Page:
Overall, about 15 colonies per sample were examined in nearly 350 samples. In five (1.4%) of the samples, more than one clone was detected. In picking 15 colonies, the probability of detecting carriage of more than one clone is about 80% even if the proportion of the less common clone is <10% of the colonies. Although rare, colonization of the throat by multiple meningococcal clones was clearly demonstrated. In one individual, colonization of the throat by the same two clones was observed in two samples, 2 months apart, suggesting that the phenomenon can be stable. Meningococcal carriage is a common phenomenon and thousands of genotypes exist. It is thus surprising that in most cases the meningococcal flora is dominated by a single clone. Clonal exclusion may be a consequence of differential production of bacteriocins by various strains, resulting in killing of the susceptible nonproducers. However, bacteriocin production is a very rare property of meningococcal strains (Allunans & Bøvre, 1996). Clonal exclusion may more likely reflect differences in fitness of the colonizing strains, as for example differences in multiplication rate or in resistance to the host defences (Lipsitch & Moxon, 1997). While colonization of healthy individuals by multiple clones in relatively similar abundance is a rare event, it is likely very significant to the biology of N. meningitidis and is one of the main reasons for the difficulties in designing an effective universal vaccine against meningococcal disease.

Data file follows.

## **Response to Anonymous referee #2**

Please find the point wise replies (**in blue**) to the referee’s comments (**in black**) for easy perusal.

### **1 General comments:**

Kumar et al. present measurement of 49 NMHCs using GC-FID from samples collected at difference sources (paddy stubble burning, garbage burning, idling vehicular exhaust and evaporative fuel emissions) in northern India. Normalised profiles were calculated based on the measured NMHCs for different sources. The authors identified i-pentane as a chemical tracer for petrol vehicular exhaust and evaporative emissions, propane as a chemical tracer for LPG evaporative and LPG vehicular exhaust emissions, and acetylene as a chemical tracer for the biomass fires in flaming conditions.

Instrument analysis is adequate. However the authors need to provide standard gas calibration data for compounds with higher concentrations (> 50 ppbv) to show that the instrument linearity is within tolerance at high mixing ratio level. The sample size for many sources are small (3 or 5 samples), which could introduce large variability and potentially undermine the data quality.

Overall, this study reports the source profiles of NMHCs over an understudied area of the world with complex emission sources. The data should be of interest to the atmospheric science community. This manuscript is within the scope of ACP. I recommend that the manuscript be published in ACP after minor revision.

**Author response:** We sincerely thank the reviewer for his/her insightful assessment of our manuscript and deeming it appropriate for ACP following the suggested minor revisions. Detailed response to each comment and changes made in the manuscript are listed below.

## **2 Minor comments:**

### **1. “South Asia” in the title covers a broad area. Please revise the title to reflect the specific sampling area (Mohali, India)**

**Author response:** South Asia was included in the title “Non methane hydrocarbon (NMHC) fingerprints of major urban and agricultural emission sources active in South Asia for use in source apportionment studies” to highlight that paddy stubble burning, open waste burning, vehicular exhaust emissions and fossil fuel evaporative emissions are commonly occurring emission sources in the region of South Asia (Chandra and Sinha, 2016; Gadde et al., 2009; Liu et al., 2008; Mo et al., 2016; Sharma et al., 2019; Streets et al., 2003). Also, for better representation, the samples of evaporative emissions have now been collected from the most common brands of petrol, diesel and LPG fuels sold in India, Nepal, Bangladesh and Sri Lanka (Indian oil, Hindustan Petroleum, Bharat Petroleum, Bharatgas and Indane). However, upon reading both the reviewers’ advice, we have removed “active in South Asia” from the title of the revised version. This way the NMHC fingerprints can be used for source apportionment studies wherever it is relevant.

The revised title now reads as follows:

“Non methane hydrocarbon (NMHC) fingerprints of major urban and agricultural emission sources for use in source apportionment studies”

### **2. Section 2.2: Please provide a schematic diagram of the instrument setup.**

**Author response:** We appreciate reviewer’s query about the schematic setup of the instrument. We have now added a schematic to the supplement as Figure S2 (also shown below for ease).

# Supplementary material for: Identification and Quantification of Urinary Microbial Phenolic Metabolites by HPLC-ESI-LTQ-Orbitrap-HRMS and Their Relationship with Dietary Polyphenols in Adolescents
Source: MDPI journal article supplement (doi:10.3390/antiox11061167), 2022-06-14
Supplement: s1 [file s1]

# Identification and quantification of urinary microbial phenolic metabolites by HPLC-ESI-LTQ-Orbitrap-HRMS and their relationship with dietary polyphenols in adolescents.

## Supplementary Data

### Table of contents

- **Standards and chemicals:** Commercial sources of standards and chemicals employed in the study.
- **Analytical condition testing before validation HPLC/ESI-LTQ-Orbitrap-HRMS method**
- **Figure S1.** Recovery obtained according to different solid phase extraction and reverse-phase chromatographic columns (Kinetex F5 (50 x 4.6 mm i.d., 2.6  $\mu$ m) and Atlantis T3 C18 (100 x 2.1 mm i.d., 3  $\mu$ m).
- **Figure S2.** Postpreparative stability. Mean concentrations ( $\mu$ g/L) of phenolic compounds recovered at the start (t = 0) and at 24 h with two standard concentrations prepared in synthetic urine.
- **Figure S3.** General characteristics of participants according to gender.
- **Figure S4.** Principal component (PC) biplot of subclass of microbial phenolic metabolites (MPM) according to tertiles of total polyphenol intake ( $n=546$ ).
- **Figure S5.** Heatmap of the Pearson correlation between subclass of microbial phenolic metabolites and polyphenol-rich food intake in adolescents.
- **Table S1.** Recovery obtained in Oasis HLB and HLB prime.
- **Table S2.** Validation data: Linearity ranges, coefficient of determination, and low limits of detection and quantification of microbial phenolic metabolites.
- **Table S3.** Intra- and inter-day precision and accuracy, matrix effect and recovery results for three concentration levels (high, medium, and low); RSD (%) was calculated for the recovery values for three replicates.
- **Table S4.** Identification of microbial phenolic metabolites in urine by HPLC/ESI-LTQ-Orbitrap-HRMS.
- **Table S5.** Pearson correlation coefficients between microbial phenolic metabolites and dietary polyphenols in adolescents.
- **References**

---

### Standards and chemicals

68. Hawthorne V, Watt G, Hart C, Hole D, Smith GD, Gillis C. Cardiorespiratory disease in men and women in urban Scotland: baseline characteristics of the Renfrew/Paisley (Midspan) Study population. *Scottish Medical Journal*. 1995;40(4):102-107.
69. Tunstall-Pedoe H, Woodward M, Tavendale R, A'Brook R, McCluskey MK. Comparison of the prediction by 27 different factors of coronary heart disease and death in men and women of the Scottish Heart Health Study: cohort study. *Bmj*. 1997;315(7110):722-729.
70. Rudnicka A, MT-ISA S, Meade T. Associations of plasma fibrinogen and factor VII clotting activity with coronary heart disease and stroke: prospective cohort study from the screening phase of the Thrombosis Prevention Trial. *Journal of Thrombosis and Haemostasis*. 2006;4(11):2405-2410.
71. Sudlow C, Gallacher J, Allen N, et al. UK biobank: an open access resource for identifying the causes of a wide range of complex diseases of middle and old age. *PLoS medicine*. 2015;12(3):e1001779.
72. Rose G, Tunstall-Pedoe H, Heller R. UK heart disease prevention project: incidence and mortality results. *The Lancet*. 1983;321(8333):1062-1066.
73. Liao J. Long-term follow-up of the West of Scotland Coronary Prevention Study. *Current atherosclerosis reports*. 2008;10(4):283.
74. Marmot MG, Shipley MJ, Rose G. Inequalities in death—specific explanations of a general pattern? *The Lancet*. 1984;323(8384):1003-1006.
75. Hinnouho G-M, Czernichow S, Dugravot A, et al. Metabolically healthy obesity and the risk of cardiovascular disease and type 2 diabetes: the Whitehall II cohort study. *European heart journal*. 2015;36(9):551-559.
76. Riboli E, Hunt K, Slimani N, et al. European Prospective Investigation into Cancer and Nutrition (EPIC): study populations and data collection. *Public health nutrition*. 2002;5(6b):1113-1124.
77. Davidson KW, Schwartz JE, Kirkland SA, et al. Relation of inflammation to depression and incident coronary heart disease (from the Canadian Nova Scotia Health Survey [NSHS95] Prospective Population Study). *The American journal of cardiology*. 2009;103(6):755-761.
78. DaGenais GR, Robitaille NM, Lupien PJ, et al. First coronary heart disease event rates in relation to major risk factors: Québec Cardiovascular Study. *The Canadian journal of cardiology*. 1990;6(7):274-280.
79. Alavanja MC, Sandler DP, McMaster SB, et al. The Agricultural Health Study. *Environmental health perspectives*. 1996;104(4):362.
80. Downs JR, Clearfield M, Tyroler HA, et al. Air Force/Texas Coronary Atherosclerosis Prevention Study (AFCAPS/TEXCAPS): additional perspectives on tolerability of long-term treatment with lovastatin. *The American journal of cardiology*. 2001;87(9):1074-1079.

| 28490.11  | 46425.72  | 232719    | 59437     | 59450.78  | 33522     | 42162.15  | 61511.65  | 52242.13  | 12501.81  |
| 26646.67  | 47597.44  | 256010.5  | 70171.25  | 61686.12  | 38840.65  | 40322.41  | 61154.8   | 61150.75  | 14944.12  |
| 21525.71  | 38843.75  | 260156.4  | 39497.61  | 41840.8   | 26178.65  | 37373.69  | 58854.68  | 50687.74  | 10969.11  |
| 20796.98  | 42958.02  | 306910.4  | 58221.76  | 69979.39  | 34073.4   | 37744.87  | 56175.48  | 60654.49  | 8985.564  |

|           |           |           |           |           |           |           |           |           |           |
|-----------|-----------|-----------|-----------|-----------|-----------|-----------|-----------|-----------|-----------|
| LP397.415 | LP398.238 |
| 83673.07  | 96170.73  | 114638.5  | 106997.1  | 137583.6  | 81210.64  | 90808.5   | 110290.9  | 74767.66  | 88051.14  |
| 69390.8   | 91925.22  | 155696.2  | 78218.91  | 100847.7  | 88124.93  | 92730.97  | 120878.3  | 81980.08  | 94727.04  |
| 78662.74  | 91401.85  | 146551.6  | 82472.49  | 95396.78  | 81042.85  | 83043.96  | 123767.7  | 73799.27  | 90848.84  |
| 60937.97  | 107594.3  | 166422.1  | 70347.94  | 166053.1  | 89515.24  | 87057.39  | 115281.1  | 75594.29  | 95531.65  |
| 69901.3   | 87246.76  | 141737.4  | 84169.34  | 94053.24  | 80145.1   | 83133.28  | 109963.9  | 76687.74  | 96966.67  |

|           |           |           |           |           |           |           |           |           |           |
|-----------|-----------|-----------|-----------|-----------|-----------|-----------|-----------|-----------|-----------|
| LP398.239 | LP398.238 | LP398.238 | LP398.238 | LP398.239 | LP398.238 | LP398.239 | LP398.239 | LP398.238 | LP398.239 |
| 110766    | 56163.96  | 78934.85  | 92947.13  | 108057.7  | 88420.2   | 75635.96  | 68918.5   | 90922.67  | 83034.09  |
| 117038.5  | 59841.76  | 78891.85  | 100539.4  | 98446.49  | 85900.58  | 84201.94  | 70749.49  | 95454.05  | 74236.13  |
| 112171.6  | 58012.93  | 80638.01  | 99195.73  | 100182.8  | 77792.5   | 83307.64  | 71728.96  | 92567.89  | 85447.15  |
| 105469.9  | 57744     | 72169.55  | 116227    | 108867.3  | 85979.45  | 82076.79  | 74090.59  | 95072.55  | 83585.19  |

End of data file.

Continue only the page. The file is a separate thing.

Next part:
Establishment of the duration of carriage for given lineages